A Test for Richter’s Reach

As I discussed in this post, in its decision last year in Harrington v. Richter, the Supreme Court gave more teeth to the command of 28 U.S.C. § 2254(d) that federal habeas courts must defer to state-court adjudications on the merits.  More specifically, the Court held that deference must be shown even to an unexplained, summary ruling by a state court.

Earlier this month, the Court granted cert. in a new case that may (let us hope) impose a limitation on Richter.  In Cavazos v. Smith (No. 11-465), the Court will consider whether § 2254(d) is owed to a state-court decision that did not even acknowledge the petitioner’s federal constitutional claim.

Here’s what happened.

Williams was tried for murder.  During the course of deliberations, the jury foreman complained to the trial judge that “Juror No. 6″ was holding the state to an unduly high burden of proof.  The trial judge conducted an investigation and ultimately discharged Juror No. 6 for bias against the government.  With an alternate in place, the jury then convicted Williams.

On appeal, Williams argued that the discharge of Juror No. 6 violated both a state statute and the Sixth Amendment.  Her conviction was affirmed, with the appellate court addressing the statutory argument, but not the constitutional argument.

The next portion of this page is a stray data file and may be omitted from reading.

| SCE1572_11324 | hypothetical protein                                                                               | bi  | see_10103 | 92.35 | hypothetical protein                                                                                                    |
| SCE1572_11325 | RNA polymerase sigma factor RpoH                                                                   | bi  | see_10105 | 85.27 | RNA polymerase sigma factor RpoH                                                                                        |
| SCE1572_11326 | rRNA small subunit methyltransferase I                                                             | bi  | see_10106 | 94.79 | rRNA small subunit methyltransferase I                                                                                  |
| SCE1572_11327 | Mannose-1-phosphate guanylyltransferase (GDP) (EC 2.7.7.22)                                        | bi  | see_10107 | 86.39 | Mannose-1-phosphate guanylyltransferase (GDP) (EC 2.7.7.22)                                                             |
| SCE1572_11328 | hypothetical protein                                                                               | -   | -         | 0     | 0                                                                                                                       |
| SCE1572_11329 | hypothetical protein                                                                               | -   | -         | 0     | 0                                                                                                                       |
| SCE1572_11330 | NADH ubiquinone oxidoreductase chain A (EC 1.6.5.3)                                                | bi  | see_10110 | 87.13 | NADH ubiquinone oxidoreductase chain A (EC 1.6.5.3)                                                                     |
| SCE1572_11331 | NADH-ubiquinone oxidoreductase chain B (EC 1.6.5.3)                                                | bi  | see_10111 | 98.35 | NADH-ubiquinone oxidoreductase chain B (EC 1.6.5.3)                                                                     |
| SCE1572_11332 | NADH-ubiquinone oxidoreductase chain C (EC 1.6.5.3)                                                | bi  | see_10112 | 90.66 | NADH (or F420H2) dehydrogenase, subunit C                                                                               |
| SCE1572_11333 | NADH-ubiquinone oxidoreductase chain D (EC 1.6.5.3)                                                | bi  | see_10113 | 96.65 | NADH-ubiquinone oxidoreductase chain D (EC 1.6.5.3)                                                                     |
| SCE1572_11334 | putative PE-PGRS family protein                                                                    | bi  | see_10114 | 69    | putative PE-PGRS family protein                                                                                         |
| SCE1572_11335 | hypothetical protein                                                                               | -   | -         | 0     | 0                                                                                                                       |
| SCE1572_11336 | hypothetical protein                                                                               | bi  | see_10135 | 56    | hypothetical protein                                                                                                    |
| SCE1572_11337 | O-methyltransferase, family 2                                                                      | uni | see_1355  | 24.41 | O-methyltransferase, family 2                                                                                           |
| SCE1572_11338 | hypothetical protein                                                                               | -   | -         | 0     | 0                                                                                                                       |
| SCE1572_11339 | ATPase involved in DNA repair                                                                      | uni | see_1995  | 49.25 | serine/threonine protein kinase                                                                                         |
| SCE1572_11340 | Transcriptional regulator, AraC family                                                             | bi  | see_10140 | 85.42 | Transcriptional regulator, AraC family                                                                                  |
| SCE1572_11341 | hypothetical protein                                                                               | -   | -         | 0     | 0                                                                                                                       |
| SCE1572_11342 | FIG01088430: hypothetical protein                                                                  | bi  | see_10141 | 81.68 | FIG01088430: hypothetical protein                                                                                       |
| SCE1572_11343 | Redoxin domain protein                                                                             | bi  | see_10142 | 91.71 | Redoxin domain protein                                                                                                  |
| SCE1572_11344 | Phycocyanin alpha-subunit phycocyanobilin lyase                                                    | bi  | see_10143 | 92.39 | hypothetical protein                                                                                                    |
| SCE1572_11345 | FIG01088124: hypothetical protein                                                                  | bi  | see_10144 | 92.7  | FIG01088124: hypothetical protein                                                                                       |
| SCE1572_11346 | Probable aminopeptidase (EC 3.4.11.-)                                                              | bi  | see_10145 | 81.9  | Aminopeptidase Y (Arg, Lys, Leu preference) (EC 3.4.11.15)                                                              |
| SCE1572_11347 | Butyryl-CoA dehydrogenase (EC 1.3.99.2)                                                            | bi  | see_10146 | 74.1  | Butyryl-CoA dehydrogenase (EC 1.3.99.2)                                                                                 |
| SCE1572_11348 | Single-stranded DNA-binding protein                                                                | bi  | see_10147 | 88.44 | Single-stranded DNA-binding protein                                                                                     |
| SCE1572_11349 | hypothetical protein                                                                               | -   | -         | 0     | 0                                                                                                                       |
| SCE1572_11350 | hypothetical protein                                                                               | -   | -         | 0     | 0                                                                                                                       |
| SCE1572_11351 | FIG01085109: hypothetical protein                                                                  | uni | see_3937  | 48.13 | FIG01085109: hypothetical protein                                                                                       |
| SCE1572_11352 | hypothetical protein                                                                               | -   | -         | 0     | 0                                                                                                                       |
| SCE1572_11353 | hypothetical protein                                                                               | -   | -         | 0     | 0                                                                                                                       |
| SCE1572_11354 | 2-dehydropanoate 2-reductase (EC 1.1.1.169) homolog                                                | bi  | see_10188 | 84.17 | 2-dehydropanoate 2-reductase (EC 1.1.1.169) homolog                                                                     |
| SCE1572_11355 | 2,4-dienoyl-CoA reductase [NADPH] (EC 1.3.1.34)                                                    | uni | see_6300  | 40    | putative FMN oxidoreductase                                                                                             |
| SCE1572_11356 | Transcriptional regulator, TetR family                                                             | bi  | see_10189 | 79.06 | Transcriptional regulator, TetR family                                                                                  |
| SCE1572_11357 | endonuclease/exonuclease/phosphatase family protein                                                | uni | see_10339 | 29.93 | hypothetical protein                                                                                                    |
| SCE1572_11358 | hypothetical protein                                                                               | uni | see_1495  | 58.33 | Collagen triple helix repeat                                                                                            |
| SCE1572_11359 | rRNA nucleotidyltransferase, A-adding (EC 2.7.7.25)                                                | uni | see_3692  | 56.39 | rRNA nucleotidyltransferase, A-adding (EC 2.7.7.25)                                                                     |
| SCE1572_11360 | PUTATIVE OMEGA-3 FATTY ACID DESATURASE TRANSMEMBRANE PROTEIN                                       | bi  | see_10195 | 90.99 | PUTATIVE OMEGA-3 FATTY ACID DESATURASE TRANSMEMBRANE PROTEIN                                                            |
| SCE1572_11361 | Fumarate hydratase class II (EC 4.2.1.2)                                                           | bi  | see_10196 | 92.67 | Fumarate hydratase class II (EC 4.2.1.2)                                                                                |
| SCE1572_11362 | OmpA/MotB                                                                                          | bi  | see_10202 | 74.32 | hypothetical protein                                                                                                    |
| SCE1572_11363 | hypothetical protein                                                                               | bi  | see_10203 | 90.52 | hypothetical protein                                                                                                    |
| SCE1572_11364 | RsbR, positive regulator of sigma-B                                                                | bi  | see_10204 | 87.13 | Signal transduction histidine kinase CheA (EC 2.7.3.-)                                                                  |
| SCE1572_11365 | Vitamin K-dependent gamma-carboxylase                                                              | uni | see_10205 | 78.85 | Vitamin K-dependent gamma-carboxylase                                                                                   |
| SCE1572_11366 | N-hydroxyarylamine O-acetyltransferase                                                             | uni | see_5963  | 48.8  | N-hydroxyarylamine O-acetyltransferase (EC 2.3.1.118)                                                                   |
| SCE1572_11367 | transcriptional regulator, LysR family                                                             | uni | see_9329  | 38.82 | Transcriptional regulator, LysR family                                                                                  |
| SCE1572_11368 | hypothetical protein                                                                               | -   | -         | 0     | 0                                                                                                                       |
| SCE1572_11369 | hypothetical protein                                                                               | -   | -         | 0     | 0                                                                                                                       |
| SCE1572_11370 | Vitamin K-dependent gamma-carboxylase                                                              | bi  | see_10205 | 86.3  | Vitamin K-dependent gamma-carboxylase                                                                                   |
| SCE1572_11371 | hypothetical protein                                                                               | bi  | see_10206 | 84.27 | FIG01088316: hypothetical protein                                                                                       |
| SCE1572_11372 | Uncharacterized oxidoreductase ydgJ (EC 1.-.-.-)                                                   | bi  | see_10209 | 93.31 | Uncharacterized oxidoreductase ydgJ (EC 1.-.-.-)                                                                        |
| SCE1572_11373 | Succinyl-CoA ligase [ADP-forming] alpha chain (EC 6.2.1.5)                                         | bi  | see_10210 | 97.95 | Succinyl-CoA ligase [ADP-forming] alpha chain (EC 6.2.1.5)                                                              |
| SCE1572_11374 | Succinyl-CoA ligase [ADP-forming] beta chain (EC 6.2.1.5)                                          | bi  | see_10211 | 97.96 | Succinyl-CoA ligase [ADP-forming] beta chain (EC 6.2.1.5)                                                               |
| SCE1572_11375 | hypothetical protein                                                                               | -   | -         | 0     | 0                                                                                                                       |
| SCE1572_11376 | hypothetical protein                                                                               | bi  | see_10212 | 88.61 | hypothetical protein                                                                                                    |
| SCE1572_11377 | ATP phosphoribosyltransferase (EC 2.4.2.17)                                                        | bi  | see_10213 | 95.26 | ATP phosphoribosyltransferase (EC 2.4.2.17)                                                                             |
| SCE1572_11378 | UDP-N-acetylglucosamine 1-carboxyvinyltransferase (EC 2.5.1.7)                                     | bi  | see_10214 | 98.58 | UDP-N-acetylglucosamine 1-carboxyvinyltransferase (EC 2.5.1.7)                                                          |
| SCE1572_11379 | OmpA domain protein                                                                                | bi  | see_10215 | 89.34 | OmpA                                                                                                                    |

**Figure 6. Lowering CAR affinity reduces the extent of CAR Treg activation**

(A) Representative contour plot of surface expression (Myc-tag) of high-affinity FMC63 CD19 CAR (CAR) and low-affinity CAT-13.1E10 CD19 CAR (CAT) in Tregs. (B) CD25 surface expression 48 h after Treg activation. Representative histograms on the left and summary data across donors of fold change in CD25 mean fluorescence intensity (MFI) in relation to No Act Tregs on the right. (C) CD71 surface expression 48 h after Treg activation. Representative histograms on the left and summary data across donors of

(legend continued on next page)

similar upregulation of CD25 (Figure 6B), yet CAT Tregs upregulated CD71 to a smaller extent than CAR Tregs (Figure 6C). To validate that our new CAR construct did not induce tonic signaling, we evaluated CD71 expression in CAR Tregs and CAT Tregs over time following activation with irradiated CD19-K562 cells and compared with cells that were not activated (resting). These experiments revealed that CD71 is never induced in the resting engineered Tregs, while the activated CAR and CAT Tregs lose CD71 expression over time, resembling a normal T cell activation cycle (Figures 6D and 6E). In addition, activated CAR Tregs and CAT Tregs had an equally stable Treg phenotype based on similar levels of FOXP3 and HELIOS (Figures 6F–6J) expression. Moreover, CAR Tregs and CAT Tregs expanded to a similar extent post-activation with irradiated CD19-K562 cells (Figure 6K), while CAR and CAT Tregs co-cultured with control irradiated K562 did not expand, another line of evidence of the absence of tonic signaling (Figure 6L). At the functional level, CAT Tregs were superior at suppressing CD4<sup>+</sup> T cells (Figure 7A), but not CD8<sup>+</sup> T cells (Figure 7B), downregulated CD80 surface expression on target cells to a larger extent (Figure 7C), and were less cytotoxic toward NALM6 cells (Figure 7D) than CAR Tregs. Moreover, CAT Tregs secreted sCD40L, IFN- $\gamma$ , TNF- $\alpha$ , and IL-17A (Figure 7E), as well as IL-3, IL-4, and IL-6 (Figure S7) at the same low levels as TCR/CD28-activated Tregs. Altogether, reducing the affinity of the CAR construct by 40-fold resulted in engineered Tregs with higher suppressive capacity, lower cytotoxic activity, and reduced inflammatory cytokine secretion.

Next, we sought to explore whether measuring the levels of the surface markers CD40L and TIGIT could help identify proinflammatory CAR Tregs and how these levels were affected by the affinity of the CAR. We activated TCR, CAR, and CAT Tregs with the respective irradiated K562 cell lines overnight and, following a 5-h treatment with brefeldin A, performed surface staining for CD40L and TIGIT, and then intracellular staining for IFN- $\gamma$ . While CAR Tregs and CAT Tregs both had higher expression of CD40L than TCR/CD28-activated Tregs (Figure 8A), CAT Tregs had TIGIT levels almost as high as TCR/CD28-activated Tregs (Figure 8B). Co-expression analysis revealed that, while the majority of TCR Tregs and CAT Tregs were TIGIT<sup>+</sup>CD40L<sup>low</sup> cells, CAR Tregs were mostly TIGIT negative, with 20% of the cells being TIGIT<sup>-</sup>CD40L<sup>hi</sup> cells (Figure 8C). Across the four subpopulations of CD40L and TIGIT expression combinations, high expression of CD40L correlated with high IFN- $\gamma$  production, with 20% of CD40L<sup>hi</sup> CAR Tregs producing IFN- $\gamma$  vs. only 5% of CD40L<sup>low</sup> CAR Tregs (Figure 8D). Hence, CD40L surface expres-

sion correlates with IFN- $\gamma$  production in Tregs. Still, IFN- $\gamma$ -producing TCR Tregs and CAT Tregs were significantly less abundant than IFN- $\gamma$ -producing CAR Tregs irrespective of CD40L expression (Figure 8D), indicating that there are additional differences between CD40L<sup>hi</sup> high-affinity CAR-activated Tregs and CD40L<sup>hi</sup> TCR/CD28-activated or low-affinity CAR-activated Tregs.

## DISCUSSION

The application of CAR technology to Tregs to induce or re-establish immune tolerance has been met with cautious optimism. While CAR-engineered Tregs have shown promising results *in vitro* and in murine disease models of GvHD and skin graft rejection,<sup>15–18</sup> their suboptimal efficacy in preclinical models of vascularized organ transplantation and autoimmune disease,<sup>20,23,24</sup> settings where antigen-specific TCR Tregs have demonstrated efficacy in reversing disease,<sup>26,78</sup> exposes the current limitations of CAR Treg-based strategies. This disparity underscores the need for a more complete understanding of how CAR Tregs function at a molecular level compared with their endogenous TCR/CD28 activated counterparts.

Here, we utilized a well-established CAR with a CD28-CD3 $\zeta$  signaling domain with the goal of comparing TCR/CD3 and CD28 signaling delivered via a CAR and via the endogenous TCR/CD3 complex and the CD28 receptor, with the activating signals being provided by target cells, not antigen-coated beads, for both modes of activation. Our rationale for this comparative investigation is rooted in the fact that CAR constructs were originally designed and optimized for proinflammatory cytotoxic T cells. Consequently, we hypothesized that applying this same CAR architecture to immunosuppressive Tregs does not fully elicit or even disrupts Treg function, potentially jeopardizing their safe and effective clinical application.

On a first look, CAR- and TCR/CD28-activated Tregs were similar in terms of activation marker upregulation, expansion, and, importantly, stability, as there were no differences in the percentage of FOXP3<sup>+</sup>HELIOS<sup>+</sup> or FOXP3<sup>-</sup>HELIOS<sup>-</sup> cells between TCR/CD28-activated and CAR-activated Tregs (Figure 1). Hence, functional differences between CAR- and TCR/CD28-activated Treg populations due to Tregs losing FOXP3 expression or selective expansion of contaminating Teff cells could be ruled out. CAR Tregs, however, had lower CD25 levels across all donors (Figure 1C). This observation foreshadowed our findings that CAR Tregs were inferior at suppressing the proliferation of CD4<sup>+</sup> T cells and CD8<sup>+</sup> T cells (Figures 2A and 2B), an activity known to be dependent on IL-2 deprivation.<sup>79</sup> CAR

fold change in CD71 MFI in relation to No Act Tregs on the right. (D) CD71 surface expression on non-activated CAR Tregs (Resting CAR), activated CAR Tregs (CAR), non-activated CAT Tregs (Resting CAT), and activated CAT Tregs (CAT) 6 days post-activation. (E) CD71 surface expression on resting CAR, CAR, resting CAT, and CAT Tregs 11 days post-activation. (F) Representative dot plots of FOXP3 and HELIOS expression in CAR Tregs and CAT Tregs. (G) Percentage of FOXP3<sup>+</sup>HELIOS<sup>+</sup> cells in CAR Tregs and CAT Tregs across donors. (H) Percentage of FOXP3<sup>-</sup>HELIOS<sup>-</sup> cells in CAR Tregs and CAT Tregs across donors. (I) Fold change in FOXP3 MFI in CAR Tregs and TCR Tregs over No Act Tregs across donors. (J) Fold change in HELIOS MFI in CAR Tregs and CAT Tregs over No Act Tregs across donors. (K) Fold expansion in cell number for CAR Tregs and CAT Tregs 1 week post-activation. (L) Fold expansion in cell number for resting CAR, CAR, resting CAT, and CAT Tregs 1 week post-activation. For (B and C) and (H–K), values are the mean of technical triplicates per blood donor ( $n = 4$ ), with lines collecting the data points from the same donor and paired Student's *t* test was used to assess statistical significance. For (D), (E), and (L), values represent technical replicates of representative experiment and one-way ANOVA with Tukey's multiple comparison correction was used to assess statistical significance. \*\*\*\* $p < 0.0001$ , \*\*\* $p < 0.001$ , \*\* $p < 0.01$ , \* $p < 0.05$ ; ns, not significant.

Williams once again asserted the Sixth Amendment claim in a federal habeas petition.  She lost in the district court, but the Ninth Circuit reversed, holding that § 2254(d) deference was not warranted and thus applying a de novo standard of review.

The relevant language of § 2254(d) speaks of a “claim that was adjudicated on the merits in State court proceedings.”  It is beyond me how a claim that was not even mentioned by the state court could be said to have been “adjudicated” by the court.  It would be nice to think that the justices would have to view Cavazos v. Williams as an easy affirm, at least on the § 2254(d) question.  But the very fact that they decided to review the Ninth Circuit’s decision is not comforting.  And Richter itself demonstrates that several of the justices favor an aggressive reading of § 2254(d) that is not really required by the statutory text.

The cert. grant seems limited to the § 2254(d) question, but the underlying Sixth Amendment question is a fascinating and difficult one.  Williams is remarkably similar to a Second Circuit case I teach in Criminal Procedure, United States v. Thomas, 116 F.3d 606 (2d Cir. 1997).  I read the Ninth Circuit in Williams as essentially adopting the Second Circuit’s approach, which is highly discouraging of discharging holdout jurors in the middle of deliberations, even when a holdout arguably seems bent on nullifying the law.

The trial judge in Williams attempted to distinguish between a discharge based on a nullifying intent (as to which the record on Juror No. 6 was equivocal) and a discharge based on bias against the government.  I’m not sure the distinction really holds up.  The question should not be whether a juror is more sympathetic to one side or another — who isn’t? — but whether the juror will put sympathies aside and follow the law.  Without a clear, well-supported finding that a holdout intends to nullify the law, the holdout should not be discharged.

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